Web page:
US Probing Allegations TikTok violated Children’s Privacy; FBI Chief Rips Chinese Cyberattacks on US; Hackers Find Footage on Police Body Cameras Bought on eBay; Federal Judge Rejects Much of Legal Challenge to Maine’s Online Privacy Law. Click “Continue reading” below.
US Probing Allegations TikTok violated Children’s Privacy
The Federal Trade Commission and the U.S. Justice Department are investigating whether the TikTok app failed to live up to a 2019 agreement aimed at protecting children’s privacy, two people interviewed by the agencies told Reuters.
The development is the latest bump for the short-video company, which is popular with teens. TikTok has seen scrutiny, including from the national security-focused Committee on Foreign Investment in the United States, rise sharply because of its Chinese parent corporation.
Secretary of State Mike Pompeo said Monday that the United States was “certainly looking at” banning TikTok, suggesting it shared information with the Chinese government, a charge it denied.
A staffer in a Massachusetts tech policy group and another source said they took part in separate conference calls with FTC and Justice Department officials to discuss accusations that TikTok had failed to live up to an agreement announced in February 2019, Reuters reports.
The Center for Digital Democracy, Campaign for a Commercial-Free Childhood and others in May asked the trade commission to look into their allegations that TikTok failed to delete videos and personal information about users 13 and younger as it had agreed to do, among other violations.
A TikTok spokesman told Reuters that the company took “safety seriously for all our users,” adding that in the United States they “accommodate users under 13 in a limited-app experience that introduces additional safety and privacy protections designed specifically for a younger audience.”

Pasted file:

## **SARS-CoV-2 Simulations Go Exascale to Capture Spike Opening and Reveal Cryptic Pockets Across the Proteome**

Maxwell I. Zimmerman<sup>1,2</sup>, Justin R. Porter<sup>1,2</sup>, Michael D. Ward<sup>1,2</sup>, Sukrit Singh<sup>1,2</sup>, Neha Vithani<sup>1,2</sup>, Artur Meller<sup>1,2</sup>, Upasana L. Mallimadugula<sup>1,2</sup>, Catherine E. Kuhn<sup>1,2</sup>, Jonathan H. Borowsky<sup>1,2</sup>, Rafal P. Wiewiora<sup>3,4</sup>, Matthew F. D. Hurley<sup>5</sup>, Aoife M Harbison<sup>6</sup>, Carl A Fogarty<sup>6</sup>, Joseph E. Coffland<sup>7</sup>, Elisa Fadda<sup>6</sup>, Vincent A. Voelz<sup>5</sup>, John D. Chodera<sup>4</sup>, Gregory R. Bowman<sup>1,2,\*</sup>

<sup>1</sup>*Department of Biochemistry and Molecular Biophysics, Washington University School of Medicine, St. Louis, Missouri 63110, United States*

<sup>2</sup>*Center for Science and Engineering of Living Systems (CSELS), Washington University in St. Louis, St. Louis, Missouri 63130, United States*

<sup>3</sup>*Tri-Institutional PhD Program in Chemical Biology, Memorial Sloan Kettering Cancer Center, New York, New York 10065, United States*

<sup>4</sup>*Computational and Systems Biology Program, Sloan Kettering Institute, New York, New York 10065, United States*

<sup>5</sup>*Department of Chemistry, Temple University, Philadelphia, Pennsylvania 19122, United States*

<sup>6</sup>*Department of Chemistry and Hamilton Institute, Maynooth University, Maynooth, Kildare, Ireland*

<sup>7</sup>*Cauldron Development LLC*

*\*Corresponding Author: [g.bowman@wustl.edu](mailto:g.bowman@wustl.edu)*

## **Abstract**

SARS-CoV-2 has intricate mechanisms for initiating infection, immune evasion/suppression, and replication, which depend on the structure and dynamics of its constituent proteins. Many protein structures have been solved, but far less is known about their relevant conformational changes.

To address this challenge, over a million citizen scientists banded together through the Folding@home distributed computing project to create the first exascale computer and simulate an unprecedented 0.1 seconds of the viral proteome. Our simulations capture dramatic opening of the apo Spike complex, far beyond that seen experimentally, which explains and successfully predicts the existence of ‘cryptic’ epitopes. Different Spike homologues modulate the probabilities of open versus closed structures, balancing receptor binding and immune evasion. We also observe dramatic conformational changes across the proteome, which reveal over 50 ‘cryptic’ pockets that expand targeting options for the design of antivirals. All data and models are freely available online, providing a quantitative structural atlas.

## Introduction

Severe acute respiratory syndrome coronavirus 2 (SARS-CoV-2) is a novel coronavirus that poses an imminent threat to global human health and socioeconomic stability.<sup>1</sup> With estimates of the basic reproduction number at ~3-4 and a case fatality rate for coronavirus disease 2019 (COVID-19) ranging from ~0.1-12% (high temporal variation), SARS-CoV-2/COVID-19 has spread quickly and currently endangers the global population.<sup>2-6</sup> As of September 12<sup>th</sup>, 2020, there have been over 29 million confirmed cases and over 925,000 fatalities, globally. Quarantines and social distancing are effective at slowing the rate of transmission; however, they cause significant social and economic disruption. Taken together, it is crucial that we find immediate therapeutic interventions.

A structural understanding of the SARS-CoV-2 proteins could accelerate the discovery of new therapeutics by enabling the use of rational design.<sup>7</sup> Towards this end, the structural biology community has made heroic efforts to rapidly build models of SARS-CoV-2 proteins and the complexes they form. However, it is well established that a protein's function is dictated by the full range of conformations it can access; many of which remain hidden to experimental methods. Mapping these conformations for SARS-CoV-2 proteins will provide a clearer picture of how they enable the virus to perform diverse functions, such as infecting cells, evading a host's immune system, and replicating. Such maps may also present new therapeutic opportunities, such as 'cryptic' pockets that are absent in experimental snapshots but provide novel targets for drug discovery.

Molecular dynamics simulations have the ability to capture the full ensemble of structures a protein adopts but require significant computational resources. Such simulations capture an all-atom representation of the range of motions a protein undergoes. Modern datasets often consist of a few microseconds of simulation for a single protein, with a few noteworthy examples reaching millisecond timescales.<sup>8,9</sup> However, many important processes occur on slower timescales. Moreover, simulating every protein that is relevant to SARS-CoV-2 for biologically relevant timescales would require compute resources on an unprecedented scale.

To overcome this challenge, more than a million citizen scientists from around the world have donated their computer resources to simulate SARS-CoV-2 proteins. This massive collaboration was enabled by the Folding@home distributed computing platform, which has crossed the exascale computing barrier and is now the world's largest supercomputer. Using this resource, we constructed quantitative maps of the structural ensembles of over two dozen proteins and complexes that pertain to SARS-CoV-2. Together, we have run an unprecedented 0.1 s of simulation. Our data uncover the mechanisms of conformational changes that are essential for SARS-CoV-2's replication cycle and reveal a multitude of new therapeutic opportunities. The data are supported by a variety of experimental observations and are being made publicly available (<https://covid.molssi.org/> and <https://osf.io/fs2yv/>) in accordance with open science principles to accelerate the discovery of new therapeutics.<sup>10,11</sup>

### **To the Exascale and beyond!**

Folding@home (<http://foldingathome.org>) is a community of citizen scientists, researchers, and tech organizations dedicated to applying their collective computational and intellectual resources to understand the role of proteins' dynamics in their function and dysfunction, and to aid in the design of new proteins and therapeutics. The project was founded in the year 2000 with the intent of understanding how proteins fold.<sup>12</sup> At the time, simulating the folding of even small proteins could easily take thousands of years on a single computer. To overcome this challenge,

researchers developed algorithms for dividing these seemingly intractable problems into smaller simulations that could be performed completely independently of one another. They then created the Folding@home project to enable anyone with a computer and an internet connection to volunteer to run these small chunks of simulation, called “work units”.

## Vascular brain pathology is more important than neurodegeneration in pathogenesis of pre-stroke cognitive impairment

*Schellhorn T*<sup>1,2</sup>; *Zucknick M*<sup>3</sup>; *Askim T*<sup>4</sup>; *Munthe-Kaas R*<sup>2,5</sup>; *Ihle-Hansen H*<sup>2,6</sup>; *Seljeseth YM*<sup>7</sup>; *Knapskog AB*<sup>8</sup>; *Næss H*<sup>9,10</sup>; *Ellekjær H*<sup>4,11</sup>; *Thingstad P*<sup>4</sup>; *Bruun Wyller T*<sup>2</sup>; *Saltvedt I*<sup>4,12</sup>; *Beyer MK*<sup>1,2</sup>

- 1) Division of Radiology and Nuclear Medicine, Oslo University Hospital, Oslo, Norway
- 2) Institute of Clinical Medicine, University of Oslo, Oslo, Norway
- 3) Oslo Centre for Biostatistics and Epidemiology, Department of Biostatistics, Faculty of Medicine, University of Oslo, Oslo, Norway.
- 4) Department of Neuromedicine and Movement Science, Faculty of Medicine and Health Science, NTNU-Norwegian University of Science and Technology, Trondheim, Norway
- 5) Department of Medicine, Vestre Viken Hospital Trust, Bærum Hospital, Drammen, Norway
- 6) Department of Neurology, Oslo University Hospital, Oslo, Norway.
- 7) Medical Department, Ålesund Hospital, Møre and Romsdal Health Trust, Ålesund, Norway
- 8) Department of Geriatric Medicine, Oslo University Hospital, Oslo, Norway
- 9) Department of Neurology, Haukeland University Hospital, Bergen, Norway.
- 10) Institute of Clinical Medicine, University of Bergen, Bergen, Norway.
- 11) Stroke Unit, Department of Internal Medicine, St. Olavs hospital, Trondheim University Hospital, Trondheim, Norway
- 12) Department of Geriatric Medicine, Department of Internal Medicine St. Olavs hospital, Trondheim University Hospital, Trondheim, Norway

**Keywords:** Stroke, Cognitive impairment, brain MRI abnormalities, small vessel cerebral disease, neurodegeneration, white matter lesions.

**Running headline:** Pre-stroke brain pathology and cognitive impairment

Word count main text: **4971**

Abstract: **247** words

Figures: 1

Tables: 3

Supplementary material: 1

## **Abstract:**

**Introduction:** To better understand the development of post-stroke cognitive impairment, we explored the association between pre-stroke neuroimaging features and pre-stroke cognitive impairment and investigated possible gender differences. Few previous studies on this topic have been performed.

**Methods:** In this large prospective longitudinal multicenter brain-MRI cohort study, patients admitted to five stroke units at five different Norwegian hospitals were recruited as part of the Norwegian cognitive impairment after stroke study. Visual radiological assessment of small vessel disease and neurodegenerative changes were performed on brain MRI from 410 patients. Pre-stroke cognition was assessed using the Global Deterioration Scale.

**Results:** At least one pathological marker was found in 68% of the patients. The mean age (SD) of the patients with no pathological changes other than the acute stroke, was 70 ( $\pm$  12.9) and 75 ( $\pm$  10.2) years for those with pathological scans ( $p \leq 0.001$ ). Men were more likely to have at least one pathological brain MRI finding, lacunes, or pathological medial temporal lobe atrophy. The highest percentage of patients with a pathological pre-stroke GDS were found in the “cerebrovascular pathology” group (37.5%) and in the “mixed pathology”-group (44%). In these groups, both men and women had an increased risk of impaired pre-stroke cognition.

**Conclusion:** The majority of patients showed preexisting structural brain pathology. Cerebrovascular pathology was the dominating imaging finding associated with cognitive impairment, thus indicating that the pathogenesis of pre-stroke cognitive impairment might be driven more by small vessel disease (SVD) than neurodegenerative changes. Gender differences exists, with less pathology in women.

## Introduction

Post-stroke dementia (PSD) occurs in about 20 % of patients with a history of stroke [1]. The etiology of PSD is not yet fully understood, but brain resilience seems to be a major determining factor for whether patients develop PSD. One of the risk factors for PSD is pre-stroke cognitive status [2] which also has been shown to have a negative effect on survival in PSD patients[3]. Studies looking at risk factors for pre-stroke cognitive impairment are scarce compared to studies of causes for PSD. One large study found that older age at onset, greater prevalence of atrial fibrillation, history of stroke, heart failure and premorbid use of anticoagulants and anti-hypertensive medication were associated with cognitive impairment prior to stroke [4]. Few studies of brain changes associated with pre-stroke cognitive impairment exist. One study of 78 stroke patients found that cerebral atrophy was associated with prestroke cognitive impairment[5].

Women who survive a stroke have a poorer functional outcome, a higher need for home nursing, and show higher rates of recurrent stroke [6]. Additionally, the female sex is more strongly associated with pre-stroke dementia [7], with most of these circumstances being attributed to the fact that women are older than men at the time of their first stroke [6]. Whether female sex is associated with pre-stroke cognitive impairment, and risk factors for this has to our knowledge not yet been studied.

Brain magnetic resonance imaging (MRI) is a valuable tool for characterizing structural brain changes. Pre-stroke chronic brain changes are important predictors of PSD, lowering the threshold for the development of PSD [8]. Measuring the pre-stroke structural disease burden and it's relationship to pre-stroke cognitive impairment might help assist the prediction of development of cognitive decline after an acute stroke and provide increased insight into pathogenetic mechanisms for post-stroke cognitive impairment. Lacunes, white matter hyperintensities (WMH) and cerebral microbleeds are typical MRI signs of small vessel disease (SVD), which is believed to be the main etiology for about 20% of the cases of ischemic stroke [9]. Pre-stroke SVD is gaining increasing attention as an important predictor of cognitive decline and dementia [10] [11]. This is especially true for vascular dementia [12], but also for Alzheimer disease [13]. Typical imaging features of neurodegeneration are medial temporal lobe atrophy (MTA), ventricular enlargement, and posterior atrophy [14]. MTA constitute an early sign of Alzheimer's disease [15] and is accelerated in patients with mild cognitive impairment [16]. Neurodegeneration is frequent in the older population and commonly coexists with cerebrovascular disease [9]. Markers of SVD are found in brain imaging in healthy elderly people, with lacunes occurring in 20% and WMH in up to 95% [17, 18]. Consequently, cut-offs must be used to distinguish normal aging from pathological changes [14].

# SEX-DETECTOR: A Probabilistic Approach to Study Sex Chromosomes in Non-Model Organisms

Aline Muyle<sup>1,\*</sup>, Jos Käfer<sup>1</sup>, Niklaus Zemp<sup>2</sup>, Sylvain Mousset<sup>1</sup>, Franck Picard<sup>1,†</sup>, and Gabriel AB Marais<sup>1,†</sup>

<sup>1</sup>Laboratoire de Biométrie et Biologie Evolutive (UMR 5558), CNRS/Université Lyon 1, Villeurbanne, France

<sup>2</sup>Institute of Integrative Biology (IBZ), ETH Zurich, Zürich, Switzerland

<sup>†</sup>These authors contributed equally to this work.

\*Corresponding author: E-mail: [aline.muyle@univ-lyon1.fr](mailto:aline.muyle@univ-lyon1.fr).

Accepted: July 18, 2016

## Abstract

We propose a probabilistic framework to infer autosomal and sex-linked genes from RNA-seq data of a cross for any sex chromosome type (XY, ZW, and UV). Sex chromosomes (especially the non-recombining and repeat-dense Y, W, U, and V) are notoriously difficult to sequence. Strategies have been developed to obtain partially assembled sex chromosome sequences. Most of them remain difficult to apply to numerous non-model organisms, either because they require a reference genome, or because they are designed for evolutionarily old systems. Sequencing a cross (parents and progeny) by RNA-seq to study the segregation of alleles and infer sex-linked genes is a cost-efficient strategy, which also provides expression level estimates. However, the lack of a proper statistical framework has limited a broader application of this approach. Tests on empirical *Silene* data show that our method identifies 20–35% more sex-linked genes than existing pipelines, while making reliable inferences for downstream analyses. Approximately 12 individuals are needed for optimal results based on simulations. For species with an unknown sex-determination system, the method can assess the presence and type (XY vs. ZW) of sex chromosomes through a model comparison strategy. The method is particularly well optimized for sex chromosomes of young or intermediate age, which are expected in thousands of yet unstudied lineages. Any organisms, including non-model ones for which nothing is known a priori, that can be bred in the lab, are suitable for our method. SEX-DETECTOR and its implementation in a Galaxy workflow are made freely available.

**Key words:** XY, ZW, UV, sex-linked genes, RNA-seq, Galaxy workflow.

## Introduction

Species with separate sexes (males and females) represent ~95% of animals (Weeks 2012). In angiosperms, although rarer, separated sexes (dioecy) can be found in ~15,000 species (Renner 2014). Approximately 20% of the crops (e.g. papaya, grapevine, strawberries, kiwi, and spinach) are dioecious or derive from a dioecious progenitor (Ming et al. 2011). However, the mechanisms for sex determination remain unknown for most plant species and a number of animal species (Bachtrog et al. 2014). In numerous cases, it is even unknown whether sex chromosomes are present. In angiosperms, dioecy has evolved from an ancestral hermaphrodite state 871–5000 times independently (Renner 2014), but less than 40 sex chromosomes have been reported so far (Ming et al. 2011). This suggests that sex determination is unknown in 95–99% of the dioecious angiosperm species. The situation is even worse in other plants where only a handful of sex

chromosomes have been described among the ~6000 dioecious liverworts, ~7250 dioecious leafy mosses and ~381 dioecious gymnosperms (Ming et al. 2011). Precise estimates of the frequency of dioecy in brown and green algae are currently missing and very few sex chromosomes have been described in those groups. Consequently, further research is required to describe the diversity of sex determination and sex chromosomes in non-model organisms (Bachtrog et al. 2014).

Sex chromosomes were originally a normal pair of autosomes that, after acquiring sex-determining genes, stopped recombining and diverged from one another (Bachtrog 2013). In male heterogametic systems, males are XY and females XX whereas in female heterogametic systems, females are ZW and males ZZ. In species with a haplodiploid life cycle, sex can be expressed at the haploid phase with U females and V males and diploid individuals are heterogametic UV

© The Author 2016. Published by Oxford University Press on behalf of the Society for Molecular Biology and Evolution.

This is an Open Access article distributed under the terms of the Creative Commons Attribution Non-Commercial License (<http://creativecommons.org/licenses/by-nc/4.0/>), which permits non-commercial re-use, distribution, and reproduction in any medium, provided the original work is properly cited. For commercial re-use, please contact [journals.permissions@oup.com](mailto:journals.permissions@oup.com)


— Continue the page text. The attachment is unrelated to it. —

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FBI Chief Rips Chinese Cyberattacks on US
In blistering remarks, FBI Director Christopher Wray attacked the Chinese government for its use of espionage and cyberattacks against the United States.
“The stakes could not be higher, and the potential economic harm to American businesses and the economy as a whole almost defies calculation,” Wray said Tuesday at a speech at the Hudson Institute in Washington, CNBC reports.
The day before, Secretary of State Mike Pompeo’s threatened to ban TikTok as well as other Chinese social media apps, citing national security concerns.
“To achieve its goals and surpass America, China recognizes it needs to make leaps in cutting-edge technology, but the sad fact is that instead of engaging in the hard slog of innovation, China often steals American intellectual property and then uses it to compete against the very American companies it victimizes, in effect, cheating twice,” Wray said.
The Chinese government targets “research on everything from military equipment to wind turbines,” he said.
When asked if the White House had an estimate on the financial damage the Chinese government has caused to the American economy, Wray said he did not know of an exact number, but added that “every figure I’ve seen is breathtaking,” according to CNBC.
“Confronting this threat effectively does not mean we shouldn’t do business with the Chinese, does not mean we shouldn’t host Chinese visitors; it does not mean we shouldn’t welcome Chinese students or coexist with China on the world stage,” Wray said.
“It does mean that when China violates our criminal laws and international norms, we are not going to tolerate, much less enable.”